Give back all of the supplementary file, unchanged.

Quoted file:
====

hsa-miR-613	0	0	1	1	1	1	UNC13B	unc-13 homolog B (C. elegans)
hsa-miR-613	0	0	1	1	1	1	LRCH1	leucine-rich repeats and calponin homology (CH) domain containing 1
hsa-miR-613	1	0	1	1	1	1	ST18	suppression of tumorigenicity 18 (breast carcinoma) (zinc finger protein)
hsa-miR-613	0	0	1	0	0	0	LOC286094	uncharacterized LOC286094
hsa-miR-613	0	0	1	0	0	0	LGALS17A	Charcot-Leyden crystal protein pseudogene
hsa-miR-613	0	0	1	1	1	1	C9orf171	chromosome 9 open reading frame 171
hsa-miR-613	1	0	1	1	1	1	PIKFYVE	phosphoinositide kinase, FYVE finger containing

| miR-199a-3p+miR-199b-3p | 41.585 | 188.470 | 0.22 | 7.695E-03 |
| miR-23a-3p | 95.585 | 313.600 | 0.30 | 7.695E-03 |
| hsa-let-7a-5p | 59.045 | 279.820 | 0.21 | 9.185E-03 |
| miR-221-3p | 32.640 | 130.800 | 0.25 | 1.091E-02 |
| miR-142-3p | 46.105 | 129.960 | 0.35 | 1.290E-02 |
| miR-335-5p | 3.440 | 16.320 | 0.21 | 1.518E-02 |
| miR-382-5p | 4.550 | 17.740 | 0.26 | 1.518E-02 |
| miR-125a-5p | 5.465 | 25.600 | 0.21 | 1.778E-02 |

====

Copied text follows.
hsa-miR-613	0	0	1	1	1	1	UNC13B	unc-13 homolog B (C. elegans)
hsa-miR-613	0	0	1	1	1	1	LRCH1	leucine-rich repeats and calponin homology (CH) domain containing 1
hsa-miR-613	1	0	1	1	1	1	ST18	suppression of tumorigenicity 18 (breast carcinoma) (zinc finger protein)
hsa-miR-613	0	0	1	0	0	0	LOC286094	uncharacterized LOC286094
hsa-miR-613	0	0	1	0	0	0	LGALS17A	Charcot-Leyden crystal protein pseudogene
hsa-miR-613	0	0	1	1	1	1	C9orf171	chromosome 9 open reading frame 171
hsa-miR-613	1	0	1	1	1	1	PIKFYVE	phosphoinositide kinase, FYVE finger containing

| miR-199a-3p+miR-199b-3p | 41.585 | 188.470 | 0.22 | 7.695E-03 |
| miR-23a-3p | 95.585 | 313.600 | 0.30 | 7.695E-03 |
| hsa-let-7a-5p | 59.045 | 279.820 | 0.21 | 9.185E-03 |
| miR-221-3p | 32.640 | 130.800 | 0.25 | 1.091E-02 |
| miR-142-3p | 46.105 | 129.960 | 0.35 | 1.290E-02 |
| miR-335-5p | 3.440 | 16.320 | 0.21 | 1.518E-02 |
| miR-382-5p | 4.550 | 17.740 | 0.26 | 1.518E-02 |
| miR-125a-5p | 5.465 | 25.600 | 0.21 | 1.778E-02 |